50 % the federal income is gone, but academic losses persist in Georgia

“They understood they essential a entire new rocket style and design, that’s why the Saturn 5 rocket,” he instructed reporters in October, when unveiling the scorecard that he and Stanford education and learning professor Sean Reardon made. “What a lot of districts are carrying out now,” Kane continued, “is efficiently taking pictures bottle rockets at the moon … .”

In a subsequent interview, Kane advised The Atlanta Journal-Structure that because Ga dropped a 3rd of a 12 months, by their investigation, it must price tag a third of a year’s pre-pandemic tutorial charges to capture up. Ga described paying out $12 billion on instruction in the course of the 2018-19 university year. So by their components, catching up ought to cost about $4 billion.

In principle, Georgia’s universities need to be in a position to afford to pay for it. The federal federal government them about $6 billion, in 3 waves of emergency funding tied to the pandemic. Having said that, significantly of the funds, 50 percent of which has been used, was used for masks, cleansing materials and other protection safeguards, as well as engineering, psychological well being help and operations.

All of these are vital for instruction, but not the exact same issue as remediation. Specialists say smaller-team tutoring, a costly endeavor, may well be the most effective way to fill learning gaps.

Congress only mandated remediation with the last wave of dollars. The American Rescue Plan gave Ga schools about $4 billion, requiring that only a fifth go toward studying decline.

The state’s 180 school districts get to determine how to invest it. Some allocated perfectly higher than the minimal. Fulton County, for instance, put two-thirds of its $169 million into remediation, and is one particular of the several metro Atlanta districts that have fully commited more than enough, according to the Kane-Reardon system. Some went with the bare minimum.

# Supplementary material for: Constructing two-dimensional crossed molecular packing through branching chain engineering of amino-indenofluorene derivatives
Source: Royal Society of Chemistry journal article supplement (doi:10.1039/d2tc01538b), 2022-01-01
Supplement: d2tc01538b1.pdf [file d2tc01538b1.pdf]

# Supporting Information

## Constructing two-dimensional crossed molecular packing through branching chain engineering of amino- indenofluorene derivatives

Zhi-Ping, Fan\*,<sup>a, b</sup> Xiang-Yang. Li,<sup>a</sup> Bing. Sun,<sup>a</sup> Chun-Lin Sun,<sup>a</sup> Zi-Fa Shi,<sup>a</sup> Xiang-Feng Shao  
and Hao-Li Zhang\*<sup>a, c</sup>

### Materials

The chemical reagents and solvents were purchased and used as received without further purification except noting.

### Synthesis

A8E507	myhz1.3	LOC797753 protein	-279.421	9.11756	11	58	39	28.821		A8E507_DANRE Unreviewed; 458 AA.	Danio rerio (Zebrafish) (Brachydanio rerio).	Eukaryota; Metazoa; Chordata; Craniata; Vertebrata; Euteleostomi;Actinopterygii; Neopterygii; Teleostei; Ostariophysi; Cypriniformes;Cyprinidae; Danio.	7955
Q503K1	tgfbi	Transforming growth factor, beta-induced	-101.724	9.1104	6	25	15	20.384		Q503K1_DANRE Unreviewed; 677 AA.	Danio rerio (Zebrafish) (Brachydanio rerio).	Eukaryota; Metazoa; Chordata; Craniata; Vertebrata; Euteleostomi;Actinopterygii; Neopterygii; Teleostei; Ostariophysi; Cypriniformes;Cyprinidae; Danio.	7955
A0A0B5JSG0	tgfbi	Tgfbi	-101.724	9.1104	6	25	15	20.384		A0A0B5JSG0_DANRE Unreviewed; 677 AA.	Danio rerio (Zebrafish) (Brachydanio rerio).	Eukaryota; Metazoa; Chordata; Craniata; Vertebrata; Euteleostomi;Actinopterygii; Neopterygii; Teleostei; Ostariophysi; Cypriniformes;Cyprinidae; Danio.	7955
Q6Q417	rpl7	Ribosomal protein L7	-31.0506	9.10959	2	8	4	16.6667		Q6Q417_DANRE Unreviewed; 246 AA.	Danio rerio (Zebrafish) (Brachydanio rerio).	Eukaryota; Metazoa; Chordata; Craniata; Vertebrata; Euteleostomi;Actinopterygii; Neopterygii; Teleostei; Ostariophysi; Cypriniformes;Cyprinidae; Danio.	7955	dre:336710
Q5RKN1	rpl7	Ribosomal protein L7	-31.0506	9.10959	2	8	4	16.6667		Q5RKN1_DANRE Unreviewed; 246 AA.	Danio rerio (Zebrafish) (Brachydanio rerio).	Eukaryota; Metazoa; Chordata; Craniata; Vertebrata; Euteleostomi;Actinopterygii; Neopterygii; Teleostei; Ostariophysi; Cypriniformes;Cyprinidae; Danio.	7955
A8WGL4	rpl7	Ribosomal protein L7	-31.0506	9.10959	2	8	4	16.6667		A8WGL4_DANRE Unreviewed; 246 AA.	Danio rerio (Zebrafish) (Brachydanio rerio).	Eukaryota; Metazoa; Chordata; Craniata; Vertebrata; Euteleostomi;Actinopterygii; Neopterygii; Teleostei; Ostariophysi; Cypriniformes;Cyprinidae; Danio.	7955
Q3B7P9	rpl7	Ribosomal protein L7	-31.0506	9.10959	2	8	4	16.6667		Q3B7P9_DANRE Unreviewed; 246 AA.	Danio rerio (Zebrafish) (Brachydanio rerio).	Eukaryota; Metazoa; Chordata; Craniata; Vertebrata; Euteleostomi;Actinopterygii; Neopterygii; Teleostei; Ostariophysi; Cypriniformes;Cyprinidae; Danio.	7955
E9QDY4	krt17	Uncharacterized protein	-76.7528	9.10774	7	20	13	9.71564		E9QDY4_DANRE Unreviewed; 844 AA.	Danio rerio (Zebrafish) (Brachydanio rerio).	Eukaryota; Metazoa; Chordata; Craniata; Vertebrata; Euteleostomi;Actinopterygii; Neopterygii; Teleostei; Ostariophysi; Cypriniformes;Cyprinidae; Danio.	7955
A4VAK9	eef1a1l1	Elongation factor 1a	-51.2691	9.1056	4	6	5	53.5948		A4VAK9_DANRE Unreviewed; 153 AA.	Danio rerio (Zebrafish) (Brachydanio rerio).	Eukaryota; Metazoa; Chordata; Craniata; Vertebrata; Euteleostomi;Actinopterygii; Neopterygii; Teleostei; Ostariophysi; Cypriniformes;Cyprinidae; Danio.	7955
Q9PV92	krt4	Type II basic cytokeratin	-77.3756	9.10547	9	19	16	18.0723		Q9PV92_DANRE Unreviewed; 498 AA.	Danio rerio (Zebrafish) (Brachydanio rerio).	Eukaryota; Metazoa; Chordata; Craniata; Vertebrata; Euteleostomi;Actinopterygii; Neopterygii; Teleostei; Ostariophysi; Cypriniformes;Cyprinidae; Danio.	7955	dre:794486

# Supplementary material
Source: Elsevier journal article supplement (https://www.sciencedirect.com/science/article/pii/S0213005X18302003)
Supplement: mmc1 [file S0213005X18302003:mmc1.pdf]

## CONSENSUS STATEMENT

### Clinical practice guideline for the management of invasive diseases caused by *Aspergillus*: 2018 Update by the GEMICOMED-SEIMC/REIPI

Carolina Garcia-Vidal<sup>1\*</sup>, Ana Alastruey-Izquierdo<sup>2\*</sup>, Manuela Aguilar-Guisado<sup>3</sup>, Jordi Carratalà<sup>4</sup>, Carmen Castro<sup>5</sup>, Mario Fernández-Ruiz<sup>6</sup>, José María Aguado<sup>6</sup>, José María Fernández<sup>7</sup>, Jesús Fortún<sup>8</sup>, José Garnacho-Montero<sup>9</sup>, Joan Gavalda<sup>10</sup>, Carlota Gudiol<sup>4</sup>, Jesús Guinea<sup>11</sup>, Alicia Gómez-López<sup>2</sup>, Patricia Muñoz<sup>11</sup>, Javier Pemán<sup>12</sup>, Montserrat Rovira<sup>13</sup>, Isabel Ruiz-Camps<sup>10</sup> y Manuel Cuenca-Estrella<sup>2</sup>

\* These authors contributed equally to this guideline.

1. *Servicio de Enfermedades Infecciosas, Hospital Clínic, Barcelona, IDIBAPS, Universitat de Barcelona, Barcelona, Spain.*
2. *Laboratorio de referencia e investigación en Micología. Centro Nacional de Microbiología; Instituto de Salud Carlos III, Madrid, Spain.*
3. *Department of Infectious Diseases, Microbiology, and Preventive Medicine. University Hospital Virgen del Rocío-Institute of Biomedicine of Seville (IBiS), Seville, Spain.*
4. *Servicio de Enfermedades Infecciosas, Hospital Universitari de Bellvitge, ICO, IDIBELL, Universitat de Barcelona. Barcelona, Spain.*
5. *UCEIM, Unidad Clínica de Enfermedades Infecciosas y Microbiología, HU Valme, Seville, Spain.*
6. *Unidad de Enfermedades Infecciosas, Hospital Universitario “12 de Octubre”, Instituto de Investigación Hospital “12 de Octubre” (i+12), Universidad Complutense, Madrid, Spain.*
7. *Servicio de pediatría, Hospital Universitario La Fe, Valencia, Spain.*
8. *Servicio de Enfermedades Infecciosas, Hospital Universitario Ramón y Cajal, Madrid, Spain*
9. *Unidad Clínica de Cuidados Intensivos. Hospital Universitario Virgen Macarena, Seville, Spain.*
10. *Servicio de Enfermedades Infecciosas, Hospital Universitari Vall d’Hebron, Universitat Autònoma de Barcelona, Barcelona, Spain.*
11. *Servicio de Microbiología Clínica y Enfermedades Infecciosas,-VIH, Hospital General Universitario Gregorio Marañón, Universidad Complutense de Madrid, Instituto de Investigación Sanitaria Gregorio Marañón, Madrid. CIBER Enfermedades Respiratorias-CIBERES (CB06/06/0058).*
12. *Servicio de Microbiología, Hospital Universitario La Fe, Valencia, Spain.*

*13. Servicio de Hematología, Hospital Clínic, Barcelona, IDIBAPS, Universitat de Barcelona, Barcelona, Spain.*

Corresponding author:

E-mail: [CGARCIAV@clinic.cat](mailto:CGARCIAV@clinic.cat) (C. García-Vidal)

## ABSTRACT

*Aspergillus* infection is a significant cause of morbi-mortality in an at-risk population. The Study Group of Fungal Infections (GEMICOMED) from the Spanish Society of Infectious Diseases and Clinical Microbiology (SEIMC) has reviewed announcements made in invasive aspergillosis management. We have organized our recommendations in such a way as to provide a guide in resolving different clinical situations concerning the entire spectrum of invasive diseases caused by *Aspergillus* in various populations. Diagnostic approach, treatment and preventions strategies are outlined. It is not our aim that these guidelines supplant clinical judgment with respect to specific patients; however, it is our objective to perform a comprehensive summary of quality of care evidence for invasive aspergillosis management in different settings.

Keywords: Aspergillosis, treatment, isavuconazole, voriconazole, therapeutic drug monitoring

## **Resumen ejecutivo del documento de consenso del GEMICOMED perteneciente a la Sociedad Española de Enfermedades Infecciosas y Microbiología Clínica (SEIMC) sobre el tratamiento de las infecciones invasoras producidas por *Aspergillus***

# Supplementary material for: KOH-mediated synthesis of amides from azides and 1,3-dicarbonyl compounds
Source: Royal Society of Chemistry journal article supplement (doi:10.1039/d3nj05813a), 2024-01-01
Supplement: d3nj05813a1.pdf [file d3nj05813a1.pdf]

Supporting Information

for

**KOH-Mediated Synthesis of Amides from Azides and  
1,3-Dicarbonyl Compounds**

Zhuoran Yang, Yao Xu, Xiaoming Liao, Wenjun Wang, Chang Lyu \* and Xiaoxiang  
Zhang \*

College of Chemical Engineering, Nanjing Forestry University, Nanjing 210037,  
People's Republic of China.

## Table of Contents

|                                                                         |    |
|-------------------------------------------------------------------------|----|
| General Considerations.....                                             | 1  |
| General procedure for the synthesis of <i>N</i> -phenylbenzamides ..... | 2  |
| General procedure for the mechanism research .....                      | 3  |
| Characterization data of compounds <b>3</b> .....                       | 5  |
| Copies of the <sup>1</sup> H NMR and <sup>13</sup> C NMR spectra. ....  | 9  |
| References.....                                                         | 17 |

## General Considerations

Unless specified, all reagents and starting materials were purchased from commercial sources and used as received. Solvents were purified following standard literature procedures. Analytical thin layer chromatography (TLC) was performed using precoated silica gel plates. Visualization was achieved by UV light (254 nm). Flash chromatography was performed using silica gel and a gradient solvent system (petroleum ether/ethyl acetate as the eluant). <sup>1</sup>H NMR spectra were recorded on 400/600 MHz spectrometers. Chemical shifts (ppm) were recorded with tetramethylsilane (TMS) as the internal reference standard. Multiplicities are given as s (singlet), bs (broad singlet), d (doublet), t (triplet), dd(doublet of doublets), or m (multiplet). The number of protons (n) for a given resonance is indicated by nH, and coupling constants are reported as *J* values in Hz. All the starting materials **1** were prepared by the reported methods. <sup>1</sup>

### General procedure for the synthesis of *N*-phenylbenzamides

Numerous of the districts contacted by the AJC did not know what to make of their research.

Marietta Superintendent Grant Rivera called it a “fascinating analysis,” then explained how he utilised some of the federal cash to bolster his training personnel: He employed 45 teachers who can fill in when a classroom instructor is absent or support in classrooms when no substitute is required. The district put practically 2 times the federal bare minimum into remediation, but that is about a quarter of what the professors’ components says it will price tag to capture up each and every pupil.

Trisha Tanner, a fifth grade teacher at Marietta’s Hickory Hills Elementary University, claimed her sidekick Shirley Westbrook has built a big big difference. In the course of the half days when Westbrook is there, the learners who require it can get far more awareness.

“There’s only so much of 1 teacher that can go around,” Tanner said. “We are a class dimensions of 20. With two of us in in this article, we can get things done.”

Credit: Christina Matacotta

Credit rating: Christina Matacotta

Ga Condition College economics professor Tim Sass has been investigating the pandemic’s impression on metro Atlanta schools. He and a colleague, Salma Ali, launched a sobering study in November utilizing inside test scores in Clayton, DeKalb and Fulton counties. It identified that the return to near-universal in-individual learning previous university year “did not produce considerable improvements in common math or reading accomplishment expansion.”

Sass, who is common with the new get the job done by Kane and Reardon, explained in an e-mail to the AJC that their results are “roughly consistent” with his have.

“One can quibble about the precise greenback amount, but the general conclusions they draw are on target in my perspective,” Sass wrote. “Many students have fallen way guiding … .”

Obtaining them again on track, he additional, is heading to be expensive.


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